Can you talk a little bit about the querying process for Born to Be Public?
Here’s the thing: the path to publication is anything but linear. For me, it started with first, writing a complete draft of the manuscript. Then, I wrote the proposal. Non-fiction is, more times than not, sold through a proposal, so it’s not always necessary to have a complete draft of your manuscript if your proposal is fleshed out. Once I finished my proposal, I wrote a query letter that matched the tone of the book: funny, personable. You want the agent to request material from your manuscript, so you have to hook ‘em with that query. After dozens of nos, a handful of requests to read either a portion or entirety of my manuscript, I finally received an offer for representation. My agent and I spent months reworking the proposal and manuscript before she finally went out with it—and then the agency folded, and my agent accepted a new job in publicity at a publishing house. In the end, I ended up selling the book myself! It wasn’t until after Born to Be Public was published that I signed with my current literary agent.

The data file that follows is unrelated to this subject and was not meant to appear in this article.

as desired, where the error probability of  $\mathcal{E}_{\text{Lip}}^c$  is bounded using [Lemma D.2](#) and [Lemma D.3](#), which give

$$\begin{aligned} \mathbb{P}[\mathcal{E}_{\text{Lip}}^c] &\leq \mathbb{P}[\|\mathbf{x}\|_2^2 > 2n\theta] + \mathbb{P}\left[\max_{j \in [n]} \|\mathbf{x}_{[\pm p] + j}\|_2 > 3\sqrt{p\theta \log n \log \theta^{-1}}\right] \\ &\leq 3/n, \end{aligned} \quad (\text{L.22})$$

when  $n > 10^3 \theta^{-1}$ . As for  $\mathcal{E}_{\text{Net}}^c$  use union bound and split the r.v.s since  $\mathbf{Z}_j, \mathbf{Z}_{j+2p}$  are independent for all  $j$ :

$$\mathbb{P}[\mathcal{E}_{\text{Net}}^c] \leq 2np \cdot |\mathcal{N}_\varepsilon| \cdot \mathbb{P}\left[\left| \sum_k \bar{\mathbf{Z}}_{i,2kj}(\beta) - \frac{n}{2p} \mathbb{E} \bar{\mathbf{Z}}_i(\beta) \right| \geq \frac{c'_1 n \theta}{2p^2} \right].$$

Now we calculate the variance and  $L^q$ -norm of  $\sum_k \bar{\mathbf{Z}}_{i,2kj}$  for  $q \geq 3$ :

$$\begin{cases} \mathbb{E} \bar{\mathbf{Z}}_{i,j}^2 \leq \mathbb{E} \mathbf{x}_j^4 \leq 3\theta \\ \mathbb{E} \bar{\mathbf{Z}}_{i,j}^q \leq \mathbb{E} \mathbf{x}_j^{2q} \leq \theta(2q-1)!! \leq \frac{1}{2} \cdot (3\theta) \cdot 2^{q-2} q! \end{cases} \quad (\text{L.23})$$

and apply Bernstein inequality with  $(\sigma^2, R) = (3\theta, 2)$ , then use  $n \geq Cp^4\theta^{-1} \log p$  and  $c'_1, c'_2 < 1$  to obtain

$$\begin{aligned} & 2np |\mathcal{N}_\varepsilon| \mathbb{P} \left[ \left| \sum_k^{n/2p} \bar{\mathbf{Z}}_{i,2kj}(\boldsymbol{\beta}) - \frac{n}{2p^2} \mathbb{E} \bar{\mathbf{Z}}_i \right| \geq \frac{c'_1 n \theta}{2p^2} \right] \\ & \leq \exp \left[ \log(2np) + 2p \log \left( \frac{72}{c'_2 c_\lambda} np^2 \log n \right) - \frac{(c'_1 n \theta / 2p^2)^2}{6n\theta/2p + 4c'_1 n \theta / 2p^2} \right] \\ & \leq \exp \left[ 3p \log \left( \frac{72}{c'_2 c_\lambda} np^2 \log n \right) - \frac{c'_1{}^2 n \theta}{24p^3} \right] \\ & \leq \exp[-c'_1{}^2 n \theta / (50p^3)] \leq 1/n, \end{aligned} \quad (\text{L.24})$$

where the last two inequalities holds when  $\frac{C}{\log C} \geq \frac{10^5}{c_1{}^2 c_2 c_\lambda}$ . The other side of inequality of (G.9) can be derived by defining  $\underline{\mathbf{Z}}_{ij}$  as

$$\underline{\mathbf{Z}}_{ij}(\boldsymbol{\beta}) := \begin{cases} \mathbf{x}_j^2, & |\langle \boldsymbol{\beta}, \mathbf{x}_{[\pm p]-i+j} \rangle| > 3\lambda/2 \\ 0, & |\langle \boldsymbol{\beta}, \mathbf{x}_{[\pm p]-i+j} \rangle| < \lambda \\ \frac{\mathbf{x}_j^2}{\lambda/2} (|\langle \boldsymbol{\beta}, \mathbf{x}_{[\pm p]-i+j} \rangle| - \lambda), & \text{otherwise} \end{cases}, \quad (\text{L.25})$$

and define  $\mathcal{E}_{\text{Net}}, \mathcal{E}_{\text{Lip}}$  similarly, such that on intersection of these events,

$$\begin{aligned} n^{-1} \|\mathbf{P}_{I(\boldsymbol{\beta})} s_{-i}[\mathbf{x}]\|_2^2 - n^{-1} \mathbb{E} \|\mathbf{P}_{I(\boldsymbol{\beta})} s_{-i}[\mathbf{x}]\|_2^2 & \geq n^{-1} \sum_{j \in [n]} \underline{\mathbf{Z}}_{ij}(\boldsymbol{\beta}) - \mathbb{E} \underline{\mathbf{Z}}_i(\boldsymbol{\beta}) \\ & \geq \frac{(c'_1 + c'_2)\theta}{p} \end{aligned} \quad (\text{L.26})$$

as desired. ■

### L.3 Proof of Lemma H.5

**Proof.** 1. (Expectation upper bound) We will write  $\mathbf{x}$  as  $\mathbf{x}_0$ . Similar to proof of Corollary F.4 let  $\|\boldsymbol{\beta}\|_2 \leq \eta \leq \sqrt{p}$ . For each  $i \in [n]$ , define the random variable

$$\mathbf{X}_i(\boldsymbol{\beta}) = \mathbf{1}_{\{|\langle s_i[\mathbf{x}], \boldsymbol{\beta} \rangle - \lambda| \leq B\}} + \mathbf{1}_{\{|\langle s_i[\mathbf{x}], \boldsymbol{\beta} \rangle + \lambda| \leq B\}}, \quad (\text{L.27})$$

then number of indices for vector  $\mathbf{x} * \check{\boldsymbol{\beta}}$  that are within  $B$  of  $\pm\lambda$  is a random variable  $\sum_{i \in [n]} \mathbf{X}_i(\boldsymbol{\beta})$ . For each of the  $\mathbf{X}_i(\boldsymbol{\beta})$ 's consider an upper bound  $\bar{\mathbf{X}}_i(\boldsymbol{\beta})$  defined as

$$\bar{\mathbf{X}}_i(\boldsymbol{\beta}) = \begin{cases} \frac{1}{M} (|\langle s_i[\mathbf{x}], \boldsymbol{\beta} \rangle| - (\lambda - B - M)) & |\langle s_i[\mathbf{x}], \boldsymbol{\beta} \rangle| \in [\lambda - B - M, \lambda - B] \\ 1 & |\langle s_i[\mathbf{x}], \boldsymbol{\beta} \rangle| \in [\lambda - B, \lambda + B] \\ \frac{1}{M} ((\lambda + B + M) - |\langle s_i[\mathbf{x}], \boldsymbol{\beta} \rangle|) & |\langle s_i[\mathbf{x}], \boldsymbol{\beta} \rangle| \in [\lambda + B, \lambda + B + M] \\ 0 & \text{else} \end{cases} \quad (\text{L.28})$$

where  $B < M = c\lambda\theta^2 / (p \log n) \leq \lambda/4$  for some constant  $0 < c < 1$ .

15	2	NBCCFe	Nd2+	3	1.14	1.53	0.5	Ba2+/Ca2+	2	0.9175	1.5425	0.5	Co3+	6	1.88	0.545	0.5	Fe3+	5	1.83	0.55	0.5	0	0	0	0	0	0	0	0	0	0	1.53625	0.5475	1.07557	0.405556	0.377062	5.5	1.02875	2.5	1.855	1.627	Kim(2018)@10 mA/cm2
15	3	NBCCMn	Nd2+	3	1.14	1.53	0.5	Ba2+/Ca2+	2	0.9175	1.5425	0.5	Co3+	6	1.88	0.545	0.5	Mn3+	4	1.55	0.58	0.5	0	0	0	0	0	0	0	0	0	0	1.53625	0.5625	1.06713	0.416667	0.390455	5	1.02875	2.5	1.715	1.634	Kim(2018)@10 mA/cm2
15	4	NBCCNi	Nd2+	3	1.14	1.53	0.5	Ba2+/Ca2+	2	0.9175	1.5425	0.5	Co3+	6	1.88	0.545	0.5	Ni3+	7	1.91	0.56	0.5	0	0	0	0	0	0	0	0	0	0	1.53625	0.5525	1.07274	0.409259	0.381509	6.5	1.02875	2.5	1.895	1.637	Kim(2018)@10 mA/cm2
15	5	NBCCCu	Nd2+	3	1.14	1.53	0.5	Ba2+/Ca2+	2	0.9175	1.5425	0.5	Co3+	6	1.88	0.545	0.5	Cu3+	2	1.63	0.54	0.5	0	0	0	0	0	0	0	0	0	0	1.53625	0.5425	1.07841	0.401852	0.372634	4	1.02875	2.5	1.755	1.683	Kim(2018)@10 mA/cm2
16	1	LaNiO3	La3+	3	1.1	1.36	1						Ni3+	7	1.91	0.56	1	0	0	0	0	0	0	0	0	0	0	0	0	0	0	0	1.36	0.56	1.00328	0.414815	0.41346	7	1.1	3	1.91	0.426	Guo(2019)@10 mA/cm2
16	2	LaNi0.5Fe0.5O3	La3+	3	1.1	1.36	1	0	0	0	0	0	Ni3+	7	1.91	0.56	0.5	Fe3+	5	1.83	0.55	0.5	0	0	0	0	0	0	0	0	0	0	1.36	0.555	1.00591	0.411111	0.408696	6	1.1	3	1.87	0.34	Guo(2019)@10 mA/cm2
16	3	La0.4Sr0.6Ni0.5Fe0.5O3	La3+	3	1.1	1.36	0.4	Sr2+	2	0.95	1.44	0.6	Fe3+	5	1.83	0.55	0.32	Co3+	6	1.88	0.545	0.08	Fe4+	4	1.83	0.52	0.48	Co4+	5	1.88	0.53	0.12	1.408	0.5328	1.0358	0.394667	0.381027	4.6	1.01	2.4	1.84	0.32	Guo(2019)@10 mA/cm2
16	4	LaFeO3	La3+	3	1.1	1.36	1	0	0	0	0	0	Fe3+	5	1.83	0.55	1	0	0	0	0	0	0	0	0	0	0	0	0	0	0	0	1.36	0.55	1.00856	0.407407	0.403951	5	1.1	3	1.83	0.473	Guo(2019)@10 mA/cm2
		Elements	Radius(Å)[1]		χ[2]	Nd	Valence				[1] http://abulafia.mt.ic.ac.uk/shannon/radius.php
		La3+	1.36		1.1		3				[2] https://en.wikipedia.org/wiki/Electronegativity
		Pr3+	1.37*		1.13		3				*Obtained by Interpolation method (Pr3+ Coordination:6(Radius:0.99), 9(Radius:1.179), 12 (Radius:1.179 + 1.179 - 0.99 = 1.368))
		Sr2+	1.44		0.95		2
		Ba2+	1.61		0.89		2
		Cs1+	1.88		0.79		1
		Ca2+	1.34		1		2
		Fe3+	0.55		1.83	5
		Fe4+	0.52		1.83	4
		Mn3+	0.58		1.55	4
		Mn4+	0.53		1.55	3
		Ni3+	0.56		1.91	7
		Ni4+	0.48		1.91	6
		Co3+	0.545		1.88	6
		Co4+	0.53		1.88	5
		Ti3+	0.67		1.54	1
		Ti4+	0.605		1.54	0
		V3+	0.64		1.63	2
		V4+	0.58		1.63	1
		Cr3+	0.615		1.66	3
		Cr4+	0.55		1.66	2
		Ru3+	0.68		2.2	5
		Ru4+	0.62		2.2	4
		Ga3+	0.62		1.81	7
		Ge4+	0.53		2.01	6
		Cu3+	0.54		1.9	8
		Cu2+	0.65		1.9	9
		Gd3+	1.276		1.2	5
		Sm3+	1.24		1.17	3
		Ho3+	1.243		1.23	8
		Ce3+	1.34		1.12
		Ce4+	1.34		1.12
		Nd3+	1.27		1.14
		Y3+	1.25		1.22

That being said, you don’t always need an agent to sell a project—there are tons of medium- to smaller-sized presses that accept unsolicited submissions—but I do recommend getting an agent at some point because you do want a partner-in-crime who will look out for you, give you feedback, help you strategize, and position you in the direction of a long and successful career. Take the time to research the agents you query: look at their latest sales, projects, and the clients they work with. Remember, it’s kind of like finding a therapist: you want it to be a good match.
How did you find your agent?